Reply
  • strikeback03 - Wednesday, August 01, 2007 - link

    I love widescreen for photo editing - rotate the display to vertical for portrait orientation shots, and you have a huge work area for either format. But I agree, I'd take an S-IPS 20" 4:3 over a 22" TN. Reply
  • PrinceGaz - Wednesday, August 01, 2007 - link

    How many cameras have a widescreen format sensor? I know you agreed with most of what I said, but almost all cameras have a 4:3 sensor so a 4:3 display is optimal. This HP LP2065 monitor I have can be swiveled vertically very easily for those purposes, so unless you are taking widescreen format photos, I fail to see the advantage in a 16:10 widescreen display.

    You're right when you say a 20" Standard S-IPS is better than a 22" Widescreen TN. I'd personally say the difference is like night or day; once you've used the higher-quality and tighter dot-pitch of the 20" S-IPS panel, you'd never want to use any of those 22" widescreens. Only 24" widescreen monitors are better without spending a lot more, but a significant price premium still needs to be paid (and it had better be S-IPS, not PVA/MVA, let alone TN, else I'm not interested).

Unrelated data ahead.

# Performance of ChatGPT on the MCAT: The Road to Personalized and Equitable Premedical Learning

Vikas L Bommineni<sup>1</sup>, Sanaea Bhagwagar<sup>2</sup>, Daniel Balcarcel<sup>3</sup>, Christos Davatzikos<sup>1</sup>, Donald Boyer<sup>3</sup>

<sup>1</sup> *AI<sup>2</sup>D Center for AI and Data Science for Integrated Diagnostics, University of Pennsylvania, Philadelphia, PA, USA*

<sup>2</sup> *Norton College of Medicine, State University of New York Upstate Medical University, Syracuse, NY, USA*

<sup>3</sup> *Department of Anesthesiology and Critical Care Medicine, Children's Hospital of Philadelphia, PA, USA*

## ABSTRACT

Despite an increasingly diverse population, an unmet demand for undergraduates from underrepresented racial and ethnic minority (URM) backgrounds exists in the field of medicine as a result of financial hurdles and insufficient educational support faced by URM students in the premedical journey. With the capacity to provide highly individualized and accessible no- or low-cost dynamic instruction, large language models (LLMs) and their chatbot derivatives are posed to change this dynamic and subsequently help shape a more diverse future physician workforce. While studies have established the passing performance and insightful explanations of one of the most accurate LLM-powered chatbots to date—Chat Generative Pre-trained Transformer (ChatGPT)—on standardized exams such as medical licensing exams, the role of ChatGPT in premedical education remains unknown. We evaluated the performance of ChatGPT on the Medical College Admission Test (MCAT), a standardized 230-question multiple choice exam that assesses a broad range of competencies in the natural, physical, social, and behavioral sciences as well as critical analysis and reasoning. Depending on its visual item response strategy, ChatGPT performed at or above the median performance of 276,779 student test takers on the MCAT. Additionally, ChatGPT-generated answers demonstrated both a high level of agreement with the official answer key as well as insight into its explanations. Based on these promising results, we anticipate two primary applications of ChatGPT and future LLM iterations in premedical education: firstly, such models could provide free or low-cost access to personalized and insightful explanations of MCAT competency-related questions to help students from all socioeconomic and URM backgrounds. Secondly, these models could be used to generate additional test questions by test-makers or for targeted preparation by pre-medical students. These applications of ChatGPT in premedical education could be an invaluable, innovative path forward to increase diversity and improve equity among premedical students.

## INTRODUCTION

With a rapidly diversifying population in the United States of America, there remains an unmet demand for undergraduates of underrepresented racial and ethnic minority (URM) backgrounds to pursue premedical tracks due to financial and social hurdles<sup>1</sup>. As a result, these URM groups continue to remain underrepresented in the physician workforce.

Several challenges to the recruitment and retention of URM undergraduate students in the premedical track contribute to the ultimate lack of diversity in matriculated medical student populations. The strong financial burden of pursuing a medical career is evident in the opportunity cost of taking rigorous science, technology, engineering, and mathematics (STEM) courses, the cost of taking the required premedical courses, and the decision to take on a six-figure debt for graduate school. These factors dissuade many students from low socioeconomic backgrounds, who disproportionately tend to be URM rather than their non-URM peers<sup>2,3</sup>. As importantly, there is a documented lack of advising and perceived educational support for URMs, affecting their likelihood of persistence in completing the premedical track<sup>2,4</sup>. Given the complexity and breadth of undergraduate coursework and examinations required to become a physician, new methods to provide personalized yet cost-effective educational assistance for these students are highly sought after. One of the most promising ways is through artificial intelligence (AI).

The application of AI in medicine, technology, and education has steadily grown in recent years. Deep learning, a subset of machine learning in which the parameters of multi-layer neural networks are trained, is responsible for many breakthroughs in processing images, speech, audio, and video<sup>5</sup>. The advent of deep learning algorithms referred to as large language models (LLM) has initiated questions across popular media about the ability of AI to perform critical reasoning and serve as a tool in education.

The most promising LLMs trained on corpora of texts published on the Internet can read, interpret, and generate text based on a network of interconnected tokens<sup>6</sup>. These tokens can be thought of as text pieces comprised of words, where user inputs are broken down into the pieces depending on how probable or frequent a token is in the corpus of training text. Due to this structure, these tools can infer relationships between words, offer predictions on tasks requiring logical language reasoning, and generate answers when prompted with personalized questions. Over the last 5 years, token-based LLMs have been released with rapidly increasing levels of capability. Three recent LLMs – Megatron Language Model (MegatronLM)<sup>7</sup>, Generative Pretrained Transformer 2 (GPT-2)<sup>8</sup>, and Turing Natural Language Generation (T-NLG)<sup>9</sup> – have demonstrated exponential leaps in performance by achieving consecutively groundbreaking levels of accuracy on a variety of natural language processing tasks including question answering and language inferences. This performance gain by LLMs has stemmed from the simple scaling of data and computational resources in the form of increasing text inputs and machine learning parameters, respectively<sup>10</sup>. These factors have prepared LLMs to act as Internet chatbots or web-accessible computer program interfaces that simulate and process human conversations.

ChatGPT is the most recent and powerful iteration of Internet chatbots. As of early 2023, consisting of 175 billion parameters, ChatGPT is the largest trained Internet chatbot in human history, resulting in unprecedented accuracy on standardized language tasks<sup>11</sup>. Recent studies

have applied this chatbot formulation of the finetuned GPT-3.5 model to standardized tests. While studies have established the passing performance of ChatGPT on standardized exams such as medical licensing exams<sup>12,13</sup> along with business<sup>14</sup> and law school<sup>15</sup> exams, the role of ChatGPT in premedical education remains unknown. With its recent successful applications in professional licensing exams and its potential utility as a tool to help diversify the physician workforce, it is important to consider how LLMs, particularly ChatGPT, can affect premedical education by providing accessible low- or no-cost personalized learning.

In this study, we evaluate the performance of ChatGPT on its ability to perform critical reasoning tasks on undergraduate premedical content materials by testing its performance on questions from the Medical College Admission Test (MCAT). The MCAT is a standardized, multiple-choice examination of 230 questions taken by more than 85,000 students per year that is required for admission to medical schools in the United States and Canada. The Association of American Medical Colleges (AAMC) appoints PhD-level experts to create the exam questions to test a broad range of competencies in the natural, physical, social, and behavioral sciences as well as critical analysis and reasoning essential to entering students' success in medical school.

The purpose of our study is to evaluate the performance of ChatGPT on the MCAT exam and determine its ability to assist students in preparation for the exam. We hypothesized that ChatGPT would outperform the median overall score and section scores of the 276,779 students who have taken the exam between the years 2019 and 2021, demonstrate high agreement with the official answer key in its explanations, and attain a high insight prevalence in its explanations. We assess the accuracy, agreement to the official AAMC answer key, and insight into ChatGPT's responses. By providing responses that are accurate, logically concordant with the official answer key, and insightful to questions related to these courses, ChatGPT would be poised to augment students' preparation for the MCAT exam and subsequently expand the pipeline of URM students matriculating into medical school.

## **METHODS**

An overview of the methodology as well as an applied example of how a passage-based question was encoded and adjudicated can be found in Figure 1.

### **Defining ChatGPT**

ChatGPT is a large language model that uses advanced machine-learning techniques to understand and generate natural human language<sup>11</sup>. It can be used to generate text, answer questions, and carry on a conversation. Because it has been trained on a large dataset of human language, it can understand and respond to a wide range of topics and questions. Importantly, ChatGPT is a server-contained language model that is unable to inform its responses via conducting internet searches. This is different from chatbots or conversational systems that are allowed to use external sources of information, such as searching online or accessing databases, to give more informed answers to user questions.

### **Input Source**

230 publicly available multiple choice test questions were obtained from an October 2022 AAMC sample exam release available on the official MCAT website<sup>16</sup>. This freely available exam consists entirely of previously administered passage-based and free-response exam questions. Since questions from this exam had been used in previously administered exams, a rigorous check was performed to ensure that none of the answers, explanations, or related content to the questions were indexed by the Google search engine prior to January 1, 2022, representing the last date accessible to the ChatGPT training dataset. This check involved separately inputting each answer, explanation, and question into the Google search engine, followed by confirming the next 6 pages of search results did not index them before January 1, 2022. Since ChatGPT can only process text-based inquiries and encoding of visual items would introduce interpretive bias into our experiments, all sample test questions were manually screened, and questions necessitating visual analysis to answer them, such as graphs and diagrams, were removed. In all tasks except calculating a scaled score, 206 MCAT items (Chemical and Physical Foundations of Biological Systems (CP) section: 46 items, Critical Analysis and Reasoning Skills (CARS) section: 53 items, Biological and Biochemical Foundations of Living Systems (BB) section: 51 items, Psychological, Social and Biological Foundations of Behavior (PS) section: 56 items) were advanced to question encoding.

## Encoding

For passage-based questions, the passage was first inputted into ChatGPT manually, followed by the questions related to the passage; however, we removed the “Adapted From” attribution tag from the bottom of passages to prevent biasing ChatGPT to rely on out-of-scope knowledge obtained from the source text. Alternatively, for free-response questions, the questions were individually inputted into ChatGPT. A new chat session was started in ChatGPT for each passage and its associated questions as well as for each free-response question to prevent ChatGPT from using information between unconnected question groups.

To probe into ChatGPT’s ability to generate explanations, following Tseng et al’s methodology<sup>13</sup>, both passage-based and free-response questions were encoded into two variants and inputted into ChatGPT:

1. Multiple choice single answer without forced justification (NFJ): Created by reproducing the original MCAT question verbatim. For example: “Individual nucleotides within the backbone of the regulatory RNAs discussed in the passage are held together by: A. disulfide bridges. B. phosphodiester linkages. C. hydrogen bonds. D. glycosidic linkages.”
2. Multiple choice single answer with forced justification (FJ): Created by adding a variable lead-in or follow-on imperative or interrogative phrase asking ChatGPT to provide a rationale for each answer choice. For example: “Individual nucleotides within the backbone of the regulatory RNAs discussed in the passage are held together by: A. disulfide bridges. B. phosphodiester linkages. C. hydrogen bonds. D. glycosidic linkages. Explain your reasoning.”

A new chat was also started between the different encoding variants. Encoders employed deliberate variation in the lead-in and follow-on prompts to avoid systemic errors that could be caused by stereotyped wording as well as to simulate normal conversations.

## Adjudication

When I chose my current 20" display, I could have instead saved about 30% of the cost and chosen a 22" widescreen TN display (when I was deciding what to choose, I compiled a spreadsheet of everything available and included panel types). Every 22" widescreen display used a TN panel and as I was used to the quality of a Mitsubishi DP2070SB CRT display, I decided TN panels would be unacceptable. Suffice to say that this display is everything I could have hoped for in a flat-panel and more, after seeing smaller diaplays (of indeterminate panel-type) in local high-street stores.
    Reply
  • nilepez - Wednesday, August 01, 2007 - link

    Are you sure? Every digital camera I've used seems to mimic 35mm cameras, which have an aspect ration of 1.5:1. Most widescreen monitors seem to have an aspect ration of 1.6:1, while standard monitors are 1.33:1.

    Reply
  • yyrkoon - Thursday, August 02, 2007 - link